Erik Hefti, PharmD, MS, PhD
Erik Hefti holds a PharmD as well as a Master's and PhD degrees in pharmaceutical science from the University at Buffalo. His research focuses on pediatric pharmacogenomic factors impacting cardiovascular toxicity following cancer chemotherapy and genetic testing utilization to improve healthcare outcomes. His clinical focus involves optimizing pharmacotherapy in patients with genetic disorders. He is the program director and assistant professor of pharmaceutical sciences at Harrisburg University in Harrisburg, PA.
At Sisters of Charity Hospital, St. Joseph Campus in New York, pharmacists have been comprehensively incorporated into pre- and postoperative patient education, focused on medications these individuals will typically receive before and after their respective procedure. Specifically, pharmacists give a formal presentation to preoperative patients prior to undergoing surgery. This presentation focuses on typical medications the patients will be started on following the procedure and details on each drug. This was largely precipitated by the need for a healthcare professional to be available to address the patients’ concerns regarding new medications they would be prescribed. Pharmacists are trusted healthcare professionals who are able to provide high quality information on the safe and effective use of medications, so it was a logical incorporation1.
Over the past few years, we, the pharmacists, have observed an increase in patient apprehension regarding opioid pain medications typically used following surgery. Opiates are frequently used for postoperative pain control, especially for more invasive procedures2. The epidemic of opioid addiction that can start with the use of prescription narcotics is cited as a source of concern. As the opiate crisis continues to grip the country, more patients are worried about starting these medications. They are generally concerned about becoming addicted to opiates if they are started on the medications. Other concerns often cited range from medication side effects to family members stealing prescription narcotics. Pharmacists are in a unique position to assuage and address these legitimate patient concerns. Safe and effective pain management is a major goal in surgical patients. The pharmacists who see these patients discuss strategies to minimize the risk of uncomfortable side effects, addiction, and diversion.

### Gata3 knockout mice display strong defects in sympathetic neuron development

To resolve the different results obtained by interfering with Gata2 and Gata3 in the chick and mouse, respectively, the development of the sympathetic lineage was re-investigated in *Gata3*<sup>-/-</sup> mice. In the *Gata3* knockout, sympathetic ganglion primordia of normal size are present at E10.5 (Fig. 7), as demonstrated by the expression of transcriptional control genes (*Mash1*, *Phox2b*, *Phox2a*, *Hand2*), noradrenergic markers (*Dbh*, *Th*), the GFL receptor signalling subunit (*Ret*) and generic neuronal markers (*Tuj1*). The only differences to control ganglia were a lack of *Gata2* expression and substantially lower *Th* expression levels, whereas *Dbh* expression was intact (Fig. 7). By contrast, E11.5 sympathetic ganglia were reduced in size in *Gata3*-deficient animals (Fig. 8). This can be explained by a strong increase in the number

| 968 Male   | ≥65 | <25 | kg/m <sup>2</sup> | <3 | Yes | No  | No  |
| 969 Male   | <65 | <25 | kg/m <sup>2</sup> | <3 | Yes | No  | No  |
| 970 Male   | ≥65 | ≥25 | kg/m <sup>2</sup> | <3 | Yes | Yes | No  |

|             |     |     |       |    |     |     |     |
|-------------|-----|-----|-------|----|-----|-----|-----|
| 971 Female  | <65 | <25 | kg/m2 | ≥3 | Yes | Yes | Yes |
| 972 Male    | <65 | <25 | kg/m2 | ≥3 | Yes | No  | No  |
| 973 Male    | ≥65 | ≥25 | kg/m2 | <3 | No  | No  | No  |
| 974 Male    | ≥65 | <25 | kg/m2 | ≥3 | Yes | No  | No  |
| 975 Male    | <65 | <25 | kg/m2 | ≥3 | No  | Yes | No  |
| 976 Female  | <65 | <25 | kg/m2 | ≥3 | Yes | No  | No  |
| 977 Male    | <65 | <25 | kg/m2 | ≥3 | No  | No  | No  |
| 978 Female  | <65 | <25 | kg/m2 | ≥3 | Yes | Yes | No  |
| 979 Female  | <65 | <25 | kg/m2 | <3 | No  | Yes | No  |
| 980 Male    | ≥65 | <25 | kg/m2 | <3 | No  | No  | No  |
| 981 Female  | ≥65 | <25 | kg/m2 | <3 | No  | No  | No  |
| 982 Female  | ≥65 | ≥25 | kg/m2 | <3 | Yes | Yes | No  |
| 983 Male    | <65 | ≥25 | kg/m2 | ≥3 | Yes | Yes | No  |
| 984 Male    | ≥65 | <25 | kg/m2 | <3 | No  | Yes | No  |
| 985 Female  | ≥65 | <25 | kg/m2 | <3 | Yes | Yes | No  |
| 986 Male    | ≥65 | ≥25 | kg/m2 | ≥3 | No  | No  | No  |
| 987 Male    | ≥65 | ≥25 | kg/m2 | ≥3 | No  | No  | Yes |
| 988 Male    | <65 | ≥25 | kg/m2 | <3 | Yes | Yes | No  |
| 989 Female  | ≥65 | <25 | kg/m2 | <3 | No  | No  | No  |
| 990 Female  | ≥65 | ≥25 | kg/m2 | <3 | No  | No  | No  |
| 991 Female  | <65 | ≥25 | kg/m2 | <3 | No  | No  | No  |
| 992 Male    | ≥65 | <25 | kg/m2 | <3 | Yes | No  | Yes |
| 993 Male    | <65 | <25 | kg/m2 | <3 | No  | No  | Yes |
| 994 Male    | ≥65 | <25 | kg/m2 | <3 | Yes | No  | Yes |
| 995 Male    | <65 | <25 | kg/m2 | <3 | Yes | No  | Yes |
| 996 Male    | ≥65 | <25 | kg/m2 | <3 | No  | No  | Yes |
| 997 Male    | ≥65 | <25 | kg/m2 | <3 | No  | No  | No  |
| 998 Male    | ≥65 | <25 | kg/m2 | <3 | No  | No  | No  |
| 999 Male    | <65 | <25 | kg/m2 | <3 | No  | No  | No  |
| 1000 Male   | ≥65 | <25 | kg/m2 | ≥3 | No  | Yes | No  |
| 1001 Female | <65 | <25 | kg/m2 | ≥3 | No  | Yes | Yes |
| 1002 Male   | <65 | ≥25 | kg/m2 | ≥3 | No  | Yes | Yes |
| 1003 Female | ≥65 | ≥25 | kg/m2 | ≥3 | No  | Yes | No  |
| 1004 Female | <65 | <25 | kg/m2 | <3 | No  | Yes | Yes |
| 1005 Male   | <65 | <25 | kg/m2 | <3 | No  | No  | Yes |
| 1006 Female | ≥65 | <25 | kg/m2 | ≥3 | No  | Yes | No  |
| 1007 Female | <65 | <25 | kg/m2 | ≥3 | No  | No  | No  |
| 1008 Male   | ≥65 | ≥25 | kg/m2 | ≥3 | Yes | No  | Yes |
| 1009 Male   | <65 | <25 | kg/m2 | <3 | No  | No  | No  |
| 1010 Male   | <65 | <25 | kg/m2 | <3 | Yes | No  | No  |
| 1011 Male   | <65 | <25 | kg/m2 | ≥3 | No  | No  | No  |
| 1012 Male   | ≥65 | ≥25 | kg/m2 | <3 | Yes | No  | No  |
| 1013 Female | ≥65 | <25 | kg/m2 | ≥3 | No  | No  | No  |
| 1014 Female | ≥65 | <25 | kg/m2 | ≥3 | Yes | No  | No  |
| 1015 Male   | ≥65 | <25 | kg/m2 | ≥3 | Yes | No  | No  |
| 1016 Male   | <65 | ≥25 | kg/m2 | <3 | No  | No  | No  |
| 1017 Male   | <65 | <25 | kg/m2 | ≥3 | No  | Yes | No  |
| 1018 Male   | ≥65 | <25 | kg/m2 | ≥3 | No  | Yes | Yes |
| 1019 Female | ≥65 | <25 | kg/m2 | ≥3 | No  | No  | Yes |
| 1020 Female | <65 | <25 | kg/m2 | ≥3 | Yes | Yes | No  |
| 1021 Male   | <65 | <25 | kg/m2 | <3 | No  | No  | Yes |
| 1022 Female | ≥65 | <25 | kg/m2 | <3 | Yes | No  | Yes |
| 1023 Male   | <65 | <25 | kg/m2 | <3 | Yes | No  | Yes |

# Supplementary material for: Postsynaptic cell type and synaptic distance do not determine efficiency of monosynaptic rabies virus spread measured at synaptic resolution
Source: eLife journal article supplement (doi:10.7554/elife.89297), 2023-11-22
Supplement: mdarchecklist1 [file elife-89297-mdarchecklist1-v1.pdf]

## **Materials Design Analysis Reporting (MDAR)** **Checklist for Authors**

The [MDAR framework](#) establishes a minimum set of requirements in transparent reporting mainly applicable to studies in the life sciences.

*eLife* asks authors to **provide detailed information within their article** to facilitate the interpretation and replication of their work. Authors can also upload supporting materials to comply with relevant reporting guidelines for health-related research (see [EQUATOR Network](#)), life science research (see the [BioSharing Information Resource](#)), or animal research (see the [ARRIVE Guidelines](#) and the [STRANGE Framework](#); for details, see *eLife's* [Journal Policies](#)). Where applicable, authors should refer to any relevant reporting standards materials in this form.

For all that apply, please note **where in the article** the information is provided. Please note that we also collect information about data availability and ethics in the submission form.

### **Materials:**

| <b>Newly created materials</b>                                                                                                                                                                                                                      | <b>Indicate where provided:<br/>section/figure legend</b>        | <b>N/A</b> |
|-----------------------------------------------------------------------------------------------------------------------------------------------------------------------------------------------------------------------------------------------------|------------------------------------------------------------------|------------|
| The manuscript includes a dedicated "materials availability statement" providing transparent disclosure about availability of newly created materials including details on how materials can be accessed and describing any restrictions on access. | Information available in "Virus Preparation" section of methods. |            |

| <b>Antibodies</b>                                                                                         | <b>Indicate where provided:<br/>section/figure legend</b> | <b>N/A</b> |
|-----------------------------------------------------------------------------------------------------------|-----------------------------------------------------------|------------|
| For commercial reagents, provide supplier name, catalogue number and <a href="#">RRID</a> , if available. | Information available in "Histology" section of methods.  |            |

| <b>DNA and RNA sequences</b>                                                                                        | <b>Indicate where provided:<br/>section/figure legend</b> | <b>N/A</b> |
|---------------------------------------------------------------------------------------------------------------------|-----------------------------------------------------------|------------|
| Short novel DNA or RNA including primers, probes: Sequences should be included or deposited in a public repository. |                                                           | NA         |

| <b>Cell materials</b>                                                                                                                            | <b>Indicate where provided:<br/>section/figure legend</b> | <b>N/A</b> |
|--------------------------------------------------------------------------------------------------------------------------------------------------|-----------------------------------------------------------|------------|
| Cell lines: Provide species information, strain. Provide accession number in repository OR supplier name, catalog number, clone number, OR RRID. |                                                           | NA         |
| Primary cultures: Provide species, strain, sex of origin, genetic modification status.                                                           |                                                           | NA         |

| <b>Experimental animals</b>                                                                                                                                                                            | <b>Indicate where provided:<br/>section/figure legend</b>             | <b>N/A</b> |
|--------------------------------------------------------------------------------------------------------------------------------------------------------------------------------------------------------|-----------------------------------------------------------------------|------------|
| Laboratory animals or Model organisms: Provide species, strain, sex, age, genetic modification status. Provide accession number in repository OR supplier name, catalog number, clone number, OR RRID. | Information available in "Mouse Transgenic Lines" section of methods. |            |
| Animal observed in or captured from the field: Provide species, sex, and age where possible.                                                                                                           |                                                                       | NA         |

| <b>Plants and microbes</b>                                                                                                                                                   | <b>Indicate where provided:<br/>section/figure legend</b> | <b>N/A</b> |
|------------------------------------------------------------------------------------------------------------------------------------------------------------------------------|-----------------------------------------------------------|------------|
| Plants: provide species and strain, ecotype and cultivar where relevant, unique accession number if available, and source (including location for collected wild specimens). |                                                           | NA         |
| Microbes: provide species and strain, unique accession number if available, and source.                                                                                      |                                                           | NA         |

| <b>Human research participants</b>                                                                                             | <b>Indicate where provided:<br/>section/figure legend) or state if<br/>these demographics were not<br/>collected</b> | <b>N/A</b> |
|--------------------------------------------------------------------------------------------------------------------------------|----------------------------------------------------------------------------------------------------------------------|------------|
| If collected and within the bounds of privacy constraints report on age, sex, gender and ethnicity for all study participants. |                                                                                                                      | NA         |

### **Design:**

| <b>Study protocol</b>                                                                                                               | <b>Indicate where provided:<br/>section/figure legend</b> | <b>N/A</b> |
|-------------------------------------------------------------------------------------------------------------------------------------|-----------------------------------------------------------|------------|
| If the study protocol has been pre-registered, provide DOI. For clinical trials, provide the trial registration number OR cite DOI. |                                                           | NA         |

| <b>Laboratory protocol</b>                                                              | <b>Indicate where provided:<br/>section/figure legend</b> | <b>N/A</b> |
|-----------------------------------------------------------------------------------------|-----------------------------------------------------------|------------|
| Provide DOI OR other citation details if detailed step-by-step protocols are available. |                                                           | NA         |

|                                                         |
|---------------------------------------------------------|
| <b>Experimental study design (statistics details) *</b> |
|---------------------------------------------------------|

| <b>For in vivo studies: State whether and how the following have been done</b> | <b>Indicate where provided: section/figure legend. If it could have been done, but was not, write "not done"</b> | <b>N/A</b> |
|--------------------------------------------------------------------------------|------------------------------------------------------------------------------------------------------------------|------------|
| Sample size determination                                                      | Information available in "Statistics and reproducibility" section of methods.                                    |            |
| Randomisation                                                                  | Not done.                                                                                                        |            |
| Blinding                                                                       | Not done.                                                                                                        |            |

Sisters of Charity pharmacists address the patients’ concerns over existing medication regimens and how they may change following the procedure. Non-opiate drug-related counseling is also performed and often focuses on the safe use of anticoagulants that are commonly prescribed after certain surgical procedures. Observationally, the patients have responded well to pharmacist presence, and we have seen improvements in patient satisfaction. When we considered responses to the Hospital Consumer Assessment of Healthcare Providers and Systems (HCAHPS) survey, we began to see modest score increases when considering questions measuring pain control3. Pharmacists in our facility are having a positive impact on patient satisfaction and look to continue the trends we are seeing.
Many hospital pharmacists have fewer opportunities to speak directly with patients. Presurgical and postsurgical education programs represent an excellent opportunity for hospital pharmacists to directly interact with patients in a meaningful way. This benefits everyone involved, from the patient to the facility as a whole. Increased patient satisfaction can positively impact reimbursement rates for the hospital. Pharmacist involvement can also benefit other healthcare professionals and allow them to better care for patients. While pharmacists focus on addressing medication-related issues, nurses and providers can focus on caring for other patient needs. Pharmacists themselves can benefit from increased patient interaction and expanding their profile in the hospital ecosystem.
Overall, incorporating pharmacists into pre- and postoperative patient management and education benefits both patients and healthcare workers. It also represents an excellent avenue for continued pharmacist involvement in healthcare facilities.
- Auyeung V, Patel G, McRobbie D, Weinman J, Davies G. Information about medicines to cardiac in-patients: patient satisfaction alongside the role perceptions and practices of doctors, nurses and pharmacists. Patient education and counseling 2011; 83(3): 360-366.
- Buvanendran A, Fiala J, Patel KA, Golden AD, Moric M, Kroin JS. The incidence and severity of postoperative pain following inpatient surgery. Pain Medicine 2015; 16(12): 2277-2283.
- Hefti E, Remington M, Lavallee C. Hospital consumer assessment of healthcare providers and systems scores relating to pain following the incorporation of clinical pharmacists into patient education prior to joint replacement surgery. Pharmacy practice 2017; 15(4).